Fixed star:  GOMEISA
Constellation:  Beta (β) Canis Minor
Longitude 1900:  20CAN48 Longitude 2000:  22CAN12
Declination 1900:  +08.29' Declination 2000:  +08.17'
Right ascension:  07h 27m Latitude:  -13.29'
Spectral class:  B8 Magnitude:  3.1

The history of the star: Gomeisa

from p.134 of Star Names, Richard Hinckley Allen, 1889.
[A scanned copy can be viewed on this webpage]

GomeisaBeta (β) Canis Minor, Gomeisa, is a white star in the neck of the Lesser Dog.

Gomeisa or Al-Ghumaisa' (1), "The bleary-eyed one", "The Weeping One", or "The Wateried Eyed"

Allen says Gomeisa or its variants was an Arabic name for the constellation of Canis Minor and says:

"We also find Al Jummaiza, their Sycamine, although some say that this should be Al Ghumaisa, from the Arabic story connected with Suhail (Canopus) and his marriage to Al Jauzah (Orion who in this story was a woman) and subsequent flight, followed by Al Shi'ra (Canis Major) below the Milky Way, where she remained. The other sister, Al Ghumaisa (this figure - Canis Minor), being left in tears in her accustomed place. Thus the Two Dog-stars/constellations were the Arabs' Al Aliawat al Suhail, the Sisters of Canopus." [p132. of Star Names].

Al Jummaiza, also is Arabic for the Sycamine tree, a tree mentioned in the New Testament, thought to be a species of mulberry.

Gomeisa is from the Arabic Ghumaisa' of the constellation, changed in the Alfonsine Tables to Algomeyla, and by Burritt's Atlas of 1856 to Gomelza.

Occasionally it has been Al Gamus, from another of the Arabians' titles for the whole constellation of Canis Minor.

Mirzam, or beta (β) Canis Major, was often combined by the Arabs with the this star beta (β) Canis Minor (Gomeisa), and these two beta stars together were titled "The Anouncers", heralding the coming of Sirius, the biggest star in the sky, because they rose before Sirius in the night sky.

The Arabs utilized this star, Gomeisa, with Procyon, to mark the terminal points of their short Cubit, or Ell, Al Dhira, their long Cubit being the line between Castor and Pollux of Gemini. This same word appears in the title of one of the moon stations in that constellation.

[Star Names, Their Lore and Meaning, Richard Hinckley Allen, 1889].

The astrological influences of the constellation Canis Minor

Legend: Canis Minor represents Maera, the hound of Icarius, who drowned himself on account of his grief at the death of his master (see Bootes). According to another account it was Helen's dog who was lost in the Euripus. [Robson*, p.35.]

Influences: Ptolemy gives no information as to the influence of the constellation Canis Minor itself but merely describes that of its chief star Procyon. By other authors however, it is said to cause frivolity and either love of dogs or danger of dog-bites. It is noteworthy that the ideas of water and drowning seem to be universally associated with this constellation. In addition to the Greek ideas embodied in the legends its Euphratean name was the Water Dog, and its Chinese equivalent Nan Ho, the Southern River, certain of the stars being called Shwuy Wei, a Place of Water. Together with Canis Major this constellation is associated by the Kabalists with the Hebrew letter Tzaddi and the 18th Tarot Trump, "The Moon". [Robson*, 35.]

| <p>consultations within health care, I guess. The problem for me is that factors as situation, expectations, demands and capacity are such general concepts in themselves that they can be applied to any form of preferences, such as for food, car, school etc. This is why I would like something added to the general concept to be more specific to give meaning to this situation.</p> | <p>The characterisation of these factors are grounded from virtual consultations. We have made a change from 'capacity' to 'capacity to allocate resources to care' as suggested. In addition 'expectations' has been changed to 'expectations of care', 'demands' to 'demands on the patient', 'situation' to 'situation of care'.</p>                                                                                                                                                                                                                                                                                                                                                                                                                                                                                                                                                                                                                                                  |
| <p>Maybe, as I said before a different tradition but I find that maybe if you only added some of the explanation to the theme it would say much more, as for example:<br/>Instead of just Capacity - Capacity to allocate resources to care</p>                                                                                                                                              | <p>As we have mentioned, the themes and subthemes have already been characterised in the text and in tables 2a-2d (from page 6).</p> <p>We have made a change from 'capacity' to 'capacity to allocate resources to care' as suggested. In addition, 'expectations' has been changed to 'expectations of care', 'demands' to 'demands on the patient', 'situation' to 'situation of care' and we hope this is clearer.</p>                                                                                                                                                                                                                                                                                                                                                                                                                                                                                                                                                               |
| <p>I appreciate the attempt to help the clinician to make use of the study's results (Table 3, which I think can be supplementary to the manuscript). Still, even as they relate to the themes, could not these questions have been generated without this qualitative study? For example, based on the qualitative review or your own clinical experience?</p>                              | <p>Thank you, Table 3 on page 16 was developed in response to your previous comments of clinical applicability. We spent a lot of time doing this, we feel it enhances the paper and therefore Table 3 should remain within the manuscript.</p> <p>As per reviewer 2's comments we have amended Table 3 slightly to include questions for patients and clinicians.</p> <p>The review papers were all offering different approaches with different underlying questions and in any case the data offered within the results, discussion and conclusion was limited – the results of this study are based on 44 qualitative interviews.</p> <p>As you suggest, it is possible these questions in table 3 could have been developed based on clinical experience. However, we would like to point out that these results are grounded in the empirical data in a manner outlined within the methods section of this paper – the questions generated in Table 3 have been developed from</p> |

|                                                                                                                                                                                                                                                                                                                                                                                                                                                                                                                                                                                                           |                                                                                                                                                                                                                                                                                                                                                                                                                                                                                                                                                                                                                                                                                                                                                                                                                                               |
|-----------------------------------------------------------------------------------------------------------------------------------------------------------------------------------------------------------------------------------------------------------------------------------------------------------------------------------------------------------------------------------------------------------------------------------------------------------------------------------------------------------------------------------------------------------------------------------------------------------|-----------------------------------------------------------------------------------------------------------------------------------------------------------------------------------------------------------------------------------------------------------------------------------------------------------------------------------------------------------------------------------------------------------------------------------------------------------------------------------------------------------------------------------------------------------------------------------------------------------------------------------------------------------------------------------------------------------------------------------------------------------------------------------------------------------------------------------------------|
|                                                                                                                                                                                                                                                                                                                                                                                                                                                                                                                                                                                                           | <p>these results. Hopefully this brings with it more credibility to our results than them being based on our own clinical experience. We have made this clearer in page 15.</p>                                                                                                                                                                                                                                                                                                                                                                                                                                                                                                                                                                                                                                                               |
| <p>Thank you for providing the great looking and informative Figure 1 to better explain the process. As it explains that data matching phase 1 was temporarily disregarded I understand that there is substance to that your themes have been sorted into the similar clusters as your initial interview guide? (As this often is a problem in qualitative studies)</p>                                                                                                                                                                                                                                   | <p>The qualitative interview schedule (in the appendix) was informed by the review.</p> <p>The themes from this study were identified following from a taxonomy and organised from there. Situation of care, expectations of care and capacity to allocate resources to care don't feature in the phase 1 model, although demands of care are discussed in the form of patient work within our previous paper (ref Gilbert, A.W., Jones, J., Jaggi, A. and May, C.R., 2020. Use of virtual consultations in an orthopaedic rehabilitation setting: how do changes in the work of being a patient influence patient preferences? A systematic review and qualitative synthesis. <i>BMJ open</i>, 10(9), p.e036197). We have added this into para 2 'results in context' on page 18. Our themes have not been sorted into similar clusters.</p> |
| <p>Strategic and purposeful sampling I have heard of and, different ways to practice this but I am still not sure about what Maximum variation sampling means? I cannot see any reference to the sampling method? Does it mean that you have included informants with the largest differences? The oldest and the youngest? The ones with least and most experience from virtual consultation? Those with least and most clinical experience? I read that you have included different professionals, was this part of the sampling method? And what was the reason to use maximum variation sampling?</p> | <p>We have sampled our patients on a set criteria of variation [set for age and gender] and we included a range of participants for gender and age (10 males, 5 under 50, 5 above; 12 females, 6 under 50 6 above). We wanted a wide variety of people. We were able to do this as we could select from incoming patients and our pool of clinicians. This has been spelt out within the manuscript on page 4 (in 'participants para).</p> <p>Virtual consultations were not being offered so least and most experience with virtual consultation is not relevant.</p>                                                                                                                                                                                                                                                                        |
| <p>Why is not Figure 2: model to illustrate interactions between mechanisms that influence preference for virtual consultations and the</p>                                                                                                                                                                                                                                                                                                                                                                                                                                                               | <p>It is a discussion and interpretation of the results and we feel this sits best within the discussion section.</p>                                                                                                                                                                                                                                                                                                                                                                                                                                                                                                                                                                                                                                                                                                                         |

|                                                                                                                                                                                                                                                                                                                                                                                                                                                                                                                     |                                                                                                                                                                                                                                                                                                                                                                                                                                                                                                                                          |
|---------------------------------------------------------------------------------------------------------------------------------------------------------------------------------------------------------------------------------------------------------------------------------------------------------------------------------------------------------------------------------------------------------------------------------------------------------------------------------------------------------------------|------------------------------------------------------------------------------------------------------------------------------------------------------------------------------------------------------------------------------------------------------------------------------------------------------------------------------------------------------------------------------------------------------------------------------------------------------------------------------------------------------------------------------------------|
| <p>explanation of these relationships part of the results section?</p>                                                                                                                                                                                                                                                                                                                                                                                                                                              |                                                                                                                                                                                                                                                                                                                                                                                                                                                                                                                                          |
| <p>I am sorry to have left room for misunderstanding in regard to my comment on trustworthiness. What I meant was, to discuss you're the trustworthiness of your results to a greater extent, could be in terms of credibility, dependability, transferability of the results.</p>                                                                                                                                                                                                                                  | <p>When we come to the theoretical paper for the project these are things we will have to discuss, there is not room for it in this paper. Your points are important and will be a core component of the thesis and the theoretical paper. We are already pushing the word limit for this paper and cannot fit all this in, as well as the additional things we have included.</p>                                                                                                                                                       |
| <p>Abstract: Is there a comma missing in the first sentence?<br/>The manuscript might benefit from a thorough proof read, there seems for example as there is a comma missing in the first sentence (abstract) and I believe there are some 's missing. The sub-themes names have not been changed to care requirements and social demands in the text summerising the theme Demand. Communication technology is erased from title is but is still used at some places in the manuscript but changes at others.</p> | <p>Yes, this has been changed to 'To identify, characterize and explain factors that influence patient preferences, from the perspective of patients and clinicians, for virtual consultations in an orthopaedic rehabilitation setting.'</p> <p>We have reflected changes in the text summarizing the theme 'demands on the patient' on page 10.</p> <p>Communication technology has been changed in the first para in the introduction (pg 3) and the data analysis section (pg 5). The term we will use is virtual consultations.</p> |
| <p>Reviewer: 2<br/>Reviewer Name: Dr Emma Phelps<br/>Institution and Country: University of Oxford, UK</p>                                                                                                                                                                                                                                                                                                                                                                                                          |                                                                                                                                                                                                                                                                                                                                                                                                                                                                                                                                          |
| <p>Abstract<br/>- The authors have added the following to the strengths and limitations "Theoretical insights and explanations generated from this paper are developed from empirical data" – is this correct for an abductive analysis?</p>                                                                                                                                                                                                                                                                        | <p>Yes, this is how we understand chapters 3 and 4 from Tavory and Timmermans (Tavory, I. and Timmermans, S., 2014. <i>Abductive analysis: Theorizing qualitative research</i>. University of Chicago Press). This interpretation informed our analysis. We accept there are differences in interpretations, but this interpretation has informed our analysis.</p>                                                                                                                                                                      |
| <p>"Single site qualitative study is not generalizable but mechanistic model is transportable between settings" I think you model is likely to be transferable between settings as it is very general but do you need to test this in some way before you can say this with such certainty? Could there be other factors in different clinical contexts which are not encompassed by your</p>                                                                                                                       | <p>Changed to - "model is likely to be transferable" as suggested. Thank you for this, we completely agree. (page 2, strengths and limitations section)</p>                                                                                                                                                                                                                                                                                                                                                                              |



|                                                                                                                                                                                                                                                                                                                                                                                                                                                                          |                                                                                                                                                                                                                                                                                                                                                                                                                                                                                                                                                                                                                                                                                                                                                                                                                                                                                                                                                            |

The astrological influences of the constellation Canis Minor given by Manilius:

This constellation was known to the Greeks as Prokuon and to Latins as Procyon (which is the name of the alpha star Procyon):

"Procyon rises at the moment when Cancer's twenty-seventh degree ascends from the waves to the stars. He bestows upon those born under him not hunting, but its weapons. To rear keen scented whelps and to tell their class by their pedigree, their qualities by their place of origin; to produce nets and hunting-spears tipped with strong points, and pliant shafts with knots smoothed out and to manufacture and sell at a profit whatever the art of hunting is likely to require: these are the gifts Procyon will bestow" [Manilius, Astronomica, 1st century AD, book 5, 317.]

Announcers:  Mirzam, or beta (β) Canis Major, was often combined by the Arabs with the this star beta (β) Canis Minor (Gomeisa), and these two beta stars together were titled "The Anouncers", heralding the coming of Sirius, the biggest star in the sky, because they rose before Sirius in the night sky. In Arabia they were imagined as two dogs. One can imagine barking dogs announcing the arrival of visitors, or barking dogs bringing something to people's attention: Many radio and TV announcers are influenced by either of these two stars (birth-charts from the AstroDataBank program).  

References:

*[Fixed Stars and Constellations in Astrology, Vivian E. Robson, 1923].